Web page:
D.C. Gun Ban Arguments


Based on today's oral arguments in District of Columbia v. Heller, Reuters counts at least five votes for the individual-right interpretation of the Second Amendment and against the constitutionality of the D.C. gun ban:

A majority of the nine-member high court seemed to support the view that the Second Amendment of the U.S. Constitution protected an individual right to keep and bear arms, rather than a right tied to service in a state militia….

"What is reasonable about a total ban on possession?" Chief Justice John Roberts asked Washington, D.C.,'s lawyer, Walter Dellinger, referring to a provision barring private possession of handguns.

Dellinger said the ban was only on the weapons that have been considered especially dangerous.

Justice Samuel Alito, who like Roberts was appointed by President George W. Bush, cited another provision requiring rifles or shotguns be kept unloaded and dissembled or bound by a trigger lock, and said it did not seem as if they could be used as such for the self-defense of one's home.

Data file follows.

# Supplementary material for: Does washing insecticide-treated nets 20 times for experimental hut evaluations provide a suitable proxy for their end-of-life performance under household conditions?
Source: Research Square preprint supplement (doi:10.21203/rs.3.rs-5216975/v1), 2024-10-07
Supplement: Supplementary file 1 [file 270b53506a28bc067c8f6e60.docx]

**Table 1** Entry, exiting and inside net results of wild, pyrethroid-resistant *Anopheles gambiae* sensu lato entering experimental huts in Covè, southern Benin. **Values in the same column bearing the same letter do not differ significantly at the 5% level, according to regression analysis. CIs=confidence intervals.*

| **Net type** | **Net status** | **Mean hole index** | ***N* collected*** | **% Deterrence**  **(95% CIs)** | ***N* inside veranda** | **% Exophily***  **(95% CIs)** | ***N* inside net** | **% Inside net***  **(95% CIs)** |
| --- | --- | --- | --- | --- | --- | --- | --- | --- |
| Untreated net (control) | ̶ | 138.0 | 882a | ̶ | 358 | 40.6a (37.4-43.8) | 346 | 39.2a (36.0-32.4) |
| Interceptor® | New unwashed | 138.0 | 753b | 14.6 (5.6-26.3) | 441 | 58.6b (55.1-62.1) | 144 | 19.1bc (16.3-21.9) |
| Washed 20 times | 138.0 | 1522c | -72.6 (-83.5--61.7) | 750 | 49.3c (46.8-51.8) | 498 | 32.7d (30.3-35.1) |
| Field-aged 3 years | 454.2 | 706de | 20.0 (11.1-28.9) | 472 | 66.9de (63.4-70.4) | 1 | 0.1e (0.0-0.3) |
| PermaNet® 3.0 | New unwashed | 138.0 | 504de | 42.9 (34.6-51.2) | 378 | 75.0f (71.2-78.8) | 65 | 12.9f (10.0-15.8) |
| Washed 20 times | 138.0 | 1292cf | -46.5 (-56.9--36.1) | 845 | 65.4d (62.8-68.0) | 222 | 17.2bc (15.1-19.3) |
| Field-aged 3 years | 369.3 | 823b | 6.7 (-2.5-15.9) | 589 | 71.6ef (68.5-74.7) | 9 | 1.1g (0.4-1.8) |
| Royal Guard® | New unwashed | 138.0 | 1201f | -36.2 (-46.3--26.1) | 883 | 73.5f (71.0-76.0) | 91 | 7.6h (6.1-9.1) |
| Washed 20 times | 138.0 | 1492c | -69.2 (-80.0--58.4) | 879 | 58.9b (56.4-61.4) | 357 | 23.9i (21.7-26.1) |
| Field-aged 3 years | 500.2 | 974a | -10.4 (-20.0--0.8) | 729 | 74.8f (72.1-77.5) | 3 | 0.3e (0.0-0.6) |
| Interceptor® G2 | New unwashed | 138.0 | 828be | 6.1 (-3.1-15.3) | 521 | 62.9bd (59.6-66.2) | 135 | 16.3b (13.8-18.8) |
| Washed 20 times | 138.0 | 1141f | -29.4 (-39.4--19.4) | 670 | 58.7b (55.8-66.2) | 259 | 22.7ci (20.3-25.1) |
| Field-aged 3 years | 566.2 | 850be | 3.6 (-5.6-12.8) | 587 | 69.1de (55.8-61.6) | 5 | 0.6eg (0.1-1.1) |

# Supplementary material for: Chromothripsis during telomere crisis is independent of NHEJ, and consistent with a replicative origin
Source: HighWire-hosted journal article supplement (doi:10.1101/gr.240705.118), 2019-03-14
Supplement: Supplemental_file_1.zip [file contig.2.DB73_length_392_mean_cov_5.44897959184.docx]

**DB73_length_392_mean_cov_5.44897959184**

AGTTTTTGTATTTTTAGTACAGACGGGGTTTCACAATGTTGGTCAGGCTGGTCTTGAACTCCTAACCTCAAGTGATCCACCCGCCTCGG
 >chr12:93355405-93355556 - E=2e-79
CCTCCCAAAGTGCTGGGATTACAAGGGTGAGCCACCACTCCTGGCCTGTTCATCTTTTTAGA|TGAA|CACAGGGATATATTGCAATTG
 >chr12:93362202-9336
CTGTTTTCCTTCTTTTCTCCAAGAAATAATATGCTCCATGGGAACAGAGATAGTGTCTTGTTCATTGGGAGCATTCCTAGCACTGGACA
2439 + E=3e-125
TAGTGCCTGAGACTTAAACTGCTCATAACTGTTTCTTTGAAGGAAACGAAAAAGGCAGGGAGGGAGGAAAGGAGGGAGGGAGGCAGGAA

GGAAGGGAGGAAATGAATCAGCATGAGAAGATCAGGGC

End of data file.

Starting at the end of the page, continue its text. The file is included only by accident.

If Roberts and Alito are inclined to uphold the D.C. Circuit decision overturning the gun ban, that bodes well for defenders of the Second Amendment, since Clarence Thomas and Antonin Scalia presumably are as well. As for Anthony Kennedy, A.P. reports that he "said the Second Amendment gives 'a general right to bear arms.'"

Addendum: The Washington Post concurs with Reuters' assessment, saying, "A majority of the Supreme Court today seemed to clearly indicate that the Second Amendment provides an individual right to possess a firearm and several justices appeared skeptical about whether the District of Columbia's handgun ban could be considered a reasonable restriction on that right." Both Reuters and the Post implicitly distinguish between believing the Second Amendment protects an individual right to arms and viewing the D.C. law as unconstitutional. But as I've said, the latter is required by the former, unless the Court is prepared to say the Second Amendment does not apply in the nation's capital (as Laurence Tribe has argued) or implausibly interpret D.C.'s law as permitting people to use long guns for self-defense, something its plain terms seem to rule out.